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November 2008: The Suspicions of Mr. Whicher: Murder and the Undoing of a Great Victo

A monthly discussion on varying themes guided by our members. (Book of the Month discussions through December 2011 can be found in this section too.)
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diamondlil
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November 2008: The Suspicions of Mr. Whicher: Murder and the Undoing of a Great Victo

Post by diamondlil » Sat November 1st, 2008, 10:52 am

Please discuss the November 2008 Book of the Month, The Suspicions of Mr. Whicher: Murder and the Undoing of a Great Victorian Detective by Kate Summerscale in this thread.

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michellemoran
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Post by michellemoran » Sun November 2nd, 2008, 9:31 pm

It's difficult to talk about the book without giving too much away, so I'll just say I really, really enjoyed TSMW. I find myself being drawn to more and more narrative nonfiction lately, especially if it's set in the past. I loved the small period details, and the way the author compared Whicher to fictional detectives.
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michellemoran
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Post by michellemoran » Tue November 4th, 2008, 8:38 pm

A reviewer just won $1000 for their write-up of this book in the Virginia Quarterly Review!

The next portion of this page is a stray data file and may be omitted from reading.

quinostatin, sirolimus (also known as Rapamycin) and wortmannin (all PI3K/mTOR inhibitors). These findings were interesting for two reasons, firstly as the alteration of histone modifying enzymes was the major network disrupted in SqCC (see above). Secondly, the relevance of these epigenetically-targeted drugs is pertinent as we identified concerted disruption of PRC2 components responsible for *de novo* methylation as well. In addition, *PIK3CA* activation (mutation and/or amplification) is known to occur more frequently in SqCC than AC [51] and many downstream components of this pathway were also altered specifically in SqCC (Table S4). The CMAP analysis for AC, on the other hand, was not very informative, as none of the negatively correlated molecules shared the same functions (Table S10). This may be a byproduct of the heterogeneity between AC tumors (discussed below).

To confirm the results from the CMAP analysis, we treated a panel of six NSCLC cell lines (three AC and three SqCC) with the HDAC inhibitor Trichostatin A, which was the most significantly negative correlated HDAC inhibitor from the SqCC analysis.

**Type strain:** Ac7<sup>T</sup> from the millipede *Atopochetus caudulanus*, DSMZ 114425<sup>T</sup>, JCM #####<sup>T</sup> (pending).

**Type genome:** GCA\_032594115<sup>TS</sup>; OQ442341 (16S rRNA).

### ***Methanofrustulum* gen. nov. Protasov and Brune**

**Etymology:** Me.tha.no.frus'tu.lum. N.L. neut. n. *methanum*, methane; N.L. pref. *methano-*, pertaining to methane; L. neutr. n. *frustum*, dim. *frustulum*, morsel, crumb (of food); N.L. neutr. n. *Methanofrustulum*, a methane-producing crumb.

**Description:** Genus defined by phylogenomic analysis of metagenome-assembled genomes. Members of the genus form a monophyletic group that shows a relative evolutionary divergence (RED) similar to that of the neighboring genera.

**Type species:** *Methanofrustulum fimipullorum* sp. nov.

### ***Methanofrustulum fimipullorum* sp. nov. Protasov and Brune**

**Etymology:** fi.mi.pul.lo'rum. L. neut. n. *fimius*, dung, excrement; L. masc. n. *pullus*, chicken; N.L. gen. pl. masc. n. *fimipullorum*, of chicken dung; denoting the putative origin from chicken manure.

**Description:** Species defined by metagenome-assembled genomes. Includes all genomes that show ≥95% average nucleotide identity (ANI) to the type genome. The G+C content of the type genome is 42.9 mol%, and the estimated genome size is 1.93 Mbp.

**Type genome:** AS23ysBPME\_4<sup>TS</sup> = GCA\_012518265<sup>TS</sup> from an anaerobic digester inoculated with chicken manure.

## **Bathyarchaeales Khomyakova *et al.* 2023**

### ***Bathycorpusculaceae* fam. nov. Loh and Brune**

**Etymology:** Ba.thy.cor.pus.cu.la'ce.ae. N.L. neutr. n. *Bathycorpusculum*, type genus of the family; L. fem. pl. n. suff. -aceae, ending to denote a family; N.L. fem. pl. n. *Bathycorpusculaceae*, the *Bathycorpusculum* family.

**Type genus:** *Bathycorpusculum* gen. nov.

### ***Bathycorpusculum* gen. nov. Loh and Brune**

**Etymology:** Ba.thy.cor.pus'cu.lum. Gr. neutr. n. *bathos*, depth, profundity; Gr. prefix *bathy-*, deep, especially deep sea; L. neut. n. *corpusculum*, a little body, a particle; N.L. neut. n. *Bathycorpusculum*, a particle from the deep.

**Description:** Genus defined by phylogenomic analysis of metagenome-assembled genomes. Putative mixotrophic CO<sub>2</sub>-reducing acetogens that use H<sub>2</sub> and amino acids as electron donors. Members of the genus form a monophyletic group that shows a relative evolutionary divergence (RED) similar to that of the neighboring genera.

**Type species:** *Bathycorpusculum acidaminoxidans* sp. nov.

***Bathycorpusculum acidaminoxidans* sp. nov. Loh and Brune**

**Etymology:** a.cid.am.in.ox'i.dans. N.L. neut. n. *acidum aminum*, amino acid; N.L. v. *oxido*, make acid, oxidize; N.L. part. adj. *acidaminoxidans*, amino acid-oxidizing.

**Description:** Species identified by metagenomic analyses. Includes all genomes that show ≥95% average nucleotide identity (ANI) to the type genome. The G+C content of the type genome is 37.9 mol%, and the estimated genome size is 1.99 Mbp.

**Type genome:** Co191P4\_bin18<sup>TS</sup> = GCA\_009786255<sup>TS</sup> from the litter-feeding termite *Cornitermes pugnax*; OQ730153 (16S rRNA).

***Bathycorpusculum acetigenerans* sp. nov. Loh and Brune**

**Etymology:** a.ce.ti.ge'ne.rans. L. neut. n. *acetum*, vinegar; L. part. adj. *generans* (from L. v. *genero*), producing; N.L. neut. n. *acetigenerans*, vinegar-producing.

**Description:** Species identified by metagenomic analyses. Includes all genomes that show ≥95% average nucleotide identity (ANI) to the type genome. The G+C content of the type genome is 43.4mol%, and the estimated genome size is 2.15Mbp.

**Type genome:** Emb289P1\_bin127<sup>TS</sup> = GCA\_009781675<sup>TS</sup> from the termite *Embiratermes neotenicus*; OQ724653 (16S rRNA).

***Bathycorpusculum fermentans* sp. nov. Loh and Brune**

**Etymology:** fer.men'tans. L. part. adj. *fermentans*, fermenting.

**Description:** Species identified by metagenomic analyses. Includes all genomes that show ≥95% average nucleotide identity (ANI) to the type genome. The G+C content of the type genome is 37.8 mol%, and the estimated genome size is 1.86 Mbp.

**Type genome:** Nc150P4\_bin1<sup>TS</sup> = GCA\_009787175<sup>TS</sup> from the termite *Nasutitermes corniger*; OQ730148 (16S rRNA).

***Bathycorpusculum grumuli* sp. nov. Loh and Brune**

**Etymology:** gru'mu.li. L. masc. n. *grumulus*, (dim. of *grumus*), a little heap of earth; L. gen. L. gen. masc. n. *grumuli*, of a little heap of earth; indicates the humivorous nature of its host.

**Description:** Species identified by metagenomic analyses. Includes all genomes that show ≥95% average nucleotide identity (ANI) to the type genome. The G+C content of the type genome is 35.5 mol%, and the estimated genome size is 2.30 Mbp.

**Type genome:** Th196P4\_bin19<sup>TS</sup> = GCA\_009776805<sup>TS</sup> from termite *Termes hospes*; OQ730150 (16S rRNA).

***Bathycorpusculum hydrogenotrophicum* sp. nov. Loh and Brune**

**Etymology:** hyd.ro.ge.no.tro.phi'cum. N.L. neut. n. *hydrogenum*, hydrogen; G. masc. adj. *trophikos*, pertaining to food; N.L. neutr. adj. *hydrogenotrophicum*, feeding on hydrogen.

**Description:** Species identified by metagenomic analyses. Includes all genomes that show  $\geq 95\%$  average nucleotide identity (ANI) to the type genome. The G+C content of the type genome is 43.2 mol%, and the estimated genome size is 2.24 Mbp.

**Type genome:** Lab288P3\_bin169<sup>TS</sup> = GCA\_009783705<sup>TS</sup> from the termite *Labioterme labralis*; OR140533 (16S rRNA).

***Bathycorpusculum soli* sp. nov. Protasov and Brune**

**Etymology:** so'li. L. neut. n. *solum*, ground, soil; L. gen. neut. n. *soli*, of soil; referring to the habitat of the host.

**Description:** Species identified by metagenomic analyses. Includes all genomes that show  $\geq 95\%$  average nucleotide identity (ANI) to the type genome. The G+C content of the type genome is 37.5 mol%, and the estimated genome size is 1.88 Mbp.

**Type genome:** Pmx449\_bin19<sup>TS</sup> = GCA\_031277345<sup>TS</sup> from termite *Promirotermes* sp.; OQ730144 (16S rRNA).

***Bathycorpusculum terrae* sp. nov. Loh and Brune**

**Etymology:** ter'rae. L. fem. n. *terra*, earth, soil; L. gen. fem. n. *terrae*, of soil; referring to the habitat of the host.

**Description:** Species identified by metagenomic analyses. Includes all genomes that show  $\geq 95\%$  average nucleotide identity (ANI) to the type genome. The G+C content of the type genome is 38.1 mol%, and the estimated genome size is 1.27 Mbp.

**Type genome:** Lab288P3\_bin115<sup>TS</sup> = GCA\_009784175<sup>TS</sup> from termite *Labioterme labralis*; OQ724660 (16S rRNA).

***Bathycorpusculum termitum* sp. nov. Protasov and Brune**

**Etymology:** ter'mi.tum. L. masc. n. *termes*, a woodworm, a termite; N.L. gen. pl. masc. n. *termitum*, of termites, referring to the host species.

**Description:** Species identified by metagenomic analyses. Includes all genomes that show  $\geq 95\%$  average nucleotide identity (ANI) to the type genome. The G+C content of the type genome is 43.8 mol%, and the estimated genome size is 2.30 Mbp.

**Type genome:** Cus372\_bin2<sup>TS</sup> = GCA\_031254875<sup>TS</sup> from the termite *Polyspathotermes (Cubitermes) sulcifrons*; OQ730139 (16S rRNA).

What a great idea to encourage young writers!
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AuntiePam
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Post by AuntiePam » Sun December 7th, 2008, 7:23 pm

I was disappointed with this book. The author did a good job setting the scene and showing us how early detectives did their jobs, but it was a bit too dry for me. Nobody came to life -- it was maybe a bit too factual. The case is fascinating though, but I think I would have liked it better if it had been fictionalized, or if Summerscale had given us some of her thoughts and opinions -- extrapolate a bit. It was like she was reluctant to include any behavior or actions that couldn't be found in the factual record.

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Telynor
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Post by Telynor » Thu January 8th, 2009, 4:38 pm

I finally got this one finished up last night, and enjoyed it more than I thought I would. The ending was a real twist, and one that I couldn't see coming. What got to me was the tragedy of the entire family, and how damaged emotionally those elder children of Samuel Kent must have been. Quite a story.

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Leo62
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Post by Leo62 » Thu January 8th, 2009, 5:53 pm

I read this a few months ago, after hearing a serialisation on Radio 4 in the UK. It was fascinating, if not exactly action-packed, and I ended up feeling pretty sorry for poor old Jack Whicher...